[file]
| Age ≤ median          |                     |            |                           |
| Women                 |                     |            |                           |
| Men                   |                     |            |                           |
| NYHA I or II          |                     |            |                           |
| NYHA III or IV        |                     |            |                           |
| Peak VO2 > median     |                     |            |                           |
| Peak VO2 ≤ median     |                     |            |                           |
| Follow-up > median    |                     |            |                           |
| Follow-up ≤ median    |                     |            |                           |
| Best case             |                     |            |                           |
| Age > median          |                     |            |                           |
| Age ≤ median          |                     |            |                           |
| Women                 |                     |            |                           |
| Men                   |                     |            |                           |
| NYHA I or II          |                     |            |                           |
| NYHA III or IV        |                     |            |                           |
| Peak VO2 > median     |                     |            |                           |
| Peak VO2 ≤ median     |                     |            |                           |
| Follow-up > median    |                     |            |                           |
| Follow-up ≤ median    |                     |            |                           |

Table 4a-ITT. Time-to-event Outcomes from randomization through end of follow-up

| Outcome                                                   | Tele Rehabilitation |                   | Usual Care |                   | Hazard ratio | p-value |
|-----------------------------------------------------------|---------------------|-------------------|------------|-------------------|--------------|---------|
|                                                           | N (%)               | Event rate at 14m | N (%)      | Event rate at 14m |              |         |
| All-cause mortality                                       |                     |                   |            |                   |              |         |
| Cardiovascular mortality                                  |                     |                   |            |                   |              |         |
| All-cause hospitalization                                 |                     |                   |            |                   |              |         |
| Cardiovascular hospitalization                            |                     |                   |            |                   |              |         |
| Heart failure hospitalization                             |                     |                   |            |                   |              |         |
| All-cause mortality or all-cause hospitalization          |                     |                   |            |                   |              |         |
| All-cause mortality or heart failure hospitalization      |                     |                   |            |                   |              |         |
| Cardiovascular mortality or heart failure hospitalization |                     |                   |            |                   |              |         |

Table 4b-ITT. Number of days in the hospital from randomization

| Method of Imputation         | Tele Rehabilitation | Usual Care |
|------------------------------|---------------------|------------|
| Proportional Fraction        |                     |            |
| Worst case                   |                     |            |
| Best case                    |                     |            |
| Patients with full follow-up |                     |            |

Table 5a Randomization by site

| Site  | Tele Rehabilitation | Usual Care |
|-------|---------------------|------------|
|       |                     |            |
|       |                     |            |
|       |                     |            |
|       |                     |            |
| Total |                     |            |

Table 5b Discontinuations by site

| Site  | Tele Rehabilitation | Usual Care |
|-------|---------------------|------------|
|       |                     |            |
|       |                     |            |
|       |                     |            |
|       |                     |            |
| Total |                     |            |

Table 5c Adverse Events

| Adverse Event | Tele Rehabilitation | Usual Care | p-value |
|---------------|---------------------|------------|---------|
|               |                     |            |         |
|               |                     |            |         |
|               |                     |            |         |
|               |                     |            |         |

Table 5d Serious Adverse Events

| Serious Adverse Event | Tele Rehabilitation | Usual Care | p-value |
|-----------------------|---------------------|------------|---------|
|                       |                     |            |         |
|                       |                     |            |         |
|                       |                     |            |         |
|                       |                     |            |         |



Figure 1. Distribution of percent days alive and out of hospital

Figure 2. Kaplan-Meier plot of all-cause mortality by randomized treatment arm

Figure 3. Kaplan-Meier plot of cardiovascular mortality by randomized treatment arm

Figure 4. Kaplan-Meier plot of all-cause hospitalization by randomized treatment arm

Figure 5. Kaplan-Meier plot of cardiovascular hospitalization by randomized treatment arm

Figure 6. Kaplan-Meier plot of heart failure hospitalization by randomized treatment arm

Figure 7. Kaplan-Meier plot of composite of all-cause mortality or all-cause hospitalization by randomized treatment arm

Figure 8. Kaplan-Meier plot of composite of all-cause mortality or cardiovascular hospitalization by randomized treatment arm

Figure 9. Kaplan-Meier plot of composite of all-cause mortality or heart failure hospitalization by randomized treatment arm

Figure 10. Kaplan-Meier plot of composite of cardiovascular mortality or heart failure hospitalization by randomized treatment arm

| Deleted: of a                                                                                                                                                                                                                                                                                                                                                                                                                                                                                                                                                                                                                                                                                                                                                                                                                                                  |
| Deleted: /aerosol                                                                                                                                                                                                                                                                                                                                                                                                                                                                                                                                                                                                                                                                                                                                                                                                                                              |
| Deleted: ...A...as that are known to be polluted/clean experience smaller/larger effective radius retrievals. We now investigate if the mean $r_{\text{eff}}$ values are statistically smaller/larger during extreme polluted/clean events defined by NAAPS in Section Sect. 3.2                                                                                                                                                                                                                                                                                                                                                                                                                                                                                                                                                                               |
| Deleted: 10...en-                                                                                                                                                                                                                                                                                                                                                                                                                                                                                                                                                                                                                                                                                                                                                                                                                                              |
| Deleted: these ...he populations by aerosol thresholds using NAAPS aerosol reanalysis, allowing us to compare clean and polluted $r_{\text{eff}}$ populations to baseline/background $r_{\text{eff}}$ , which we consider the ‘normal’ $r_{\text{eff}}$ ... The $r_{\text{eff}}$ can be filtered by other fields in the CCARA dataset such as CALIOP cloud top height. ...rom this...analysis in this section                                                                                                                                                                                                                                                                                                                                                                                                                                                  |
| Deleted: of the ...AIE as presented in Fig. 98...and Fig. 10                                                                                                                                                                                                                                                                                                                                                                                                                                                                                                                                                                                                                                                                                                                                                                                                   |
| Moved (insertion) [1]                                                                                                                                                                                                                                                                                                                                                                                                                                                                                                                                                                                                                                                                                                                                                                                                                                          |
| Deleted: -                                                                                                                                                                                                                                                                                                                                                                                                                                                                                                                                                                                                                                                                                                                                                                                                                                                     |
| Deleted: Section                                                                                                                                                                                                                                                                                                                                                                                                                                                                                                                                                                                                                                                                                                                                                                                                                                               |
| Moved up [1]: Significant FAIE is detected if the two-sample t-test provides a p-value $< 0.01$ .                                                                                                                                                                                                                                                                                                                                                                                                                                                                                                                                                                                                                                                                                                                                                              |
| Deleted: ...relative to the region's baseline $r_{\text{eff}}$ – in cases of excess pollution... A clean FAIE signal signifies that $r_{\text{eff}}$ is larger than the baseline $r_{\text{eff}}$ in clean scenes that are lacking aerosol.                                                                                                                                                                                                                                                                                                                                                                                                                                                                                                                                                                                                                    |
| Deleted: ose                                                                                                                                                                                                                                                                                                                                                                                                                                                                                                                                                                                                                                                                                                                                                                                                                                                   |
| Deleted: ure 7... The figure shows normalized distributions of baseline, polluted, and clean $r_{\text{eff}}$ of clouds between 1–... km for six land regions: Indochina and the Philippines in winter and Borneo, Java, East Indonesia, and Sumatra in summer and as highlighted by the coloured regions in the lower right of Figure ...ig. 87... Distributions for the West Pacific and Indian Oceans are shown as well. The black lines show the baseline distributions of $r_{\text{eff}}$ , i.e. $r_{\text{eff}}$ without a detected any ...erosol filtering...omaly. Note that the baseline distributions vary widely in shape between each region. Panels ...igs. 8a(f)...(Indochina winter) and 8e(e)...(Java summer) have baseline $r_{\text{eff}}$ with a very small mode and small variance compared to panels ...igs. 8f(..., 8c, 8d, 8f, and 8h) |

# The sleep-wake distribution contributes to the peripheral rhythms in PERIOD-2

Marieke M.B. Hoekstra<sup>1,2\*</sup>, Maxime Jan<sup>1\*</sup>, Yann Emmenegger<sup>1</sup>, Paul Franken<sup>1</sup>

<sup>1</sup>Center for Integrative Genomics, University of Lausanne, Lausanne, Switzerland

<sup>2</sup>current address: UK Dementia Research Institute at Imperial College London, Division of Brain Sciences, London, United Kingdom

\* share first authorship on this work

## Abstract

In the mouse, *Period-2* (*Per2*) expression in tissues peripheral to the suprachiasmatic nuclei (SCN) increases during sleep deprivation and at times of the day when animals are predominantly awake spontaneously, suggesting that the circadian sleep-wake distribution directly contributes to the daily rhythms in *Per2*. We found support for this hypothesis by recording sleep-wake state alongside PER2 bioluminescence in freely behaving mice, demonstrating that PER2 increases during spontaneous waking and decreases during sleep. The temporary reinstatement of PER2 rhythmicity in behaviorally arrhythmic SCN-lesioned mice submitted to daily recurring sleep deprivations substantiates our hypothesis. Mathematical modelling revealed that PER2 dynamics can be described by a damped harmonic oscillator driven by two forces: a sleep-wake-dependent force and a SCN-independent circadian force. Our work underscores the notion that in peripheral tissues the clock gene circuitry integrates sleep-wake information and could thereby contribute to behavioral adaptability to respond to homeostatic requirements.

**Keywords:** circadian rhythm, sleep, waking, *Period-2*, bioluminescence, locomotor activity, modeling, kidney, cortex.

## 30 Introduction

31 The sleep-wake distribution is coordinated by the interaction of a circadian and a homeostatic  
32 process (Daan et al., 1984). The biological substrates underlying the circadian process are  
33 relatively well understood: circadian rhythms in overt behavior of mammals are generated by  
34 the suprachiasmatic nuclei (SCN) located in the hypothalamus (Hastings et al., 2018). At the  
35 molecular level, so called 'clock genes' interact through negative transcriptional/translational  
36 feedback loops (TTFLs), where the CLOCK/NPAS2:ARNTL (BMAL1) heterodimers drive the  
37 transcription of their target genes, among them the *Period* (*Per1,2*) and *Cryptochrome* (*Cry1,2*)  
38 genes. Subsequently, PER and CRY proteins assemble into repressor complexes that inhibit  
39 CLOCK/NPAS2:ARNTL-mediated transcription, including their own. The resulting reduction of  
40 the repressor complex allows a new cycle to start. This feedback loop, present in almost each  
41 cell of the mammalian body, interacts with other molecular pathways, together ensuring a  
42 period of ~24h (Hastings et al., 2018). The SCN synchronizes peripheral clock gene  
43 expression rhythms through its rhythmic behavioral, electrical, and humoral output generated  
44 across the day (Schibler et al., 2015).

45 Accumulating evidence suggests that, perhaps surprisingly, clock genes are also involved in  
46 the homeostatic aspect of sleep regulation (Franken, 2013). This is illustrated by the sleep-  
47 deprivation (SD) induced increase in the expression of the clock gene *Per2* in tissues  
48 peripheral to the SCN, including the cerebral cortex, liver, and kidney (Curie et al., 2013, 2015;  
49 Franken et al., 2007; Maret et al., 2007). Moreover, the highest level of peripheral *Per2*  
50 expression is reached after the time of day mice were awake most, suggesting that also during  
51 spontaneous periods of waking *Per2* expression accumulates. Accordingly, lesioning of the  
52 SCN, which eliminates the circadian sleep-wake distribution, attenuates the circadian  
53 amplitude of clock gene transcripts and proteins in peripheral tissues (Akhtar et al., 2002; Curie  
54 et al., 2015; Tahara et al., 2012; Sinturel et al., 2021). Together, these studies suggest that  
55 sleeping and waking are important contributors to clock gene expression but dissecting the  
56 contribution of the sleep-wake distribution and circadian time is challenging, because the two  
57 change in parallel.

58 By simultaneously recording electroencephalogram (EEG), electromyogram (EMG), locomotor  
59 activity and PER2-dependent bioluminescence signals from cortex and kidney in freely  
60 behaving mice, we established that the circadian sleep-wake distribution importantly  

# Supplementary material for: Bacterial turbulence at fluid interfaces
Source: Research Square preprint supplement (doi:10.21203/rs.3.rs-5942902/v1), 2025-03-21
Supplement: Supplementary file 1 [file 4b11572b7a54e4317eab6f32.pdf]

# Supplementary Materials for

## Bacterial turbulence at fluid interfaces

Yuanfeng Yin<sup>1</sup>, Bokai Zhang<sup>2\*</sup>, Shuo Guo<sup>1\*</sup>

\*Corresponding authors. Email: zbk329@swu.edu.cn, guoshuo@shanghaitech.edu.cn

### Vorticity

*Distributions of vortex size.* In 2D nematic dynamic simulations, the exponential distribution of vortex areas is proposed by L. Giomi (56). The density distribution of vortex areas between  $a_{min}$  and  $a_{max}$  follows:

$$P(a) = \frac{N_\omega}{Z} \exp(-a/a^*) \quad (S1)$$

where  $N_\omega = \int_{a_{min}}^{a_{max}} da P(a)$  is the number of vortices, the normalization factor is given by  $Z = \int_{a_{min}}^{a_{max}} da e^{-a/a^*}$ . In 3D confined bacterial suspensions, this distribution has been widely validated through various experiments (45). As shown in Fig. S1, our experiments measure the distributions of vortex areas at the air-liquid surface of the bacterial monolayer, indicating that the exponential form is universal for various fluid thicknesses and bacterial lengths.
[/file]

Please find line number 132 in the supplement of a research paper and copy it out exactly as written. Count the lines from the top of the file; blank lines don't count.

# Supplementary material for: Bacterial turbulence at fluid interfaces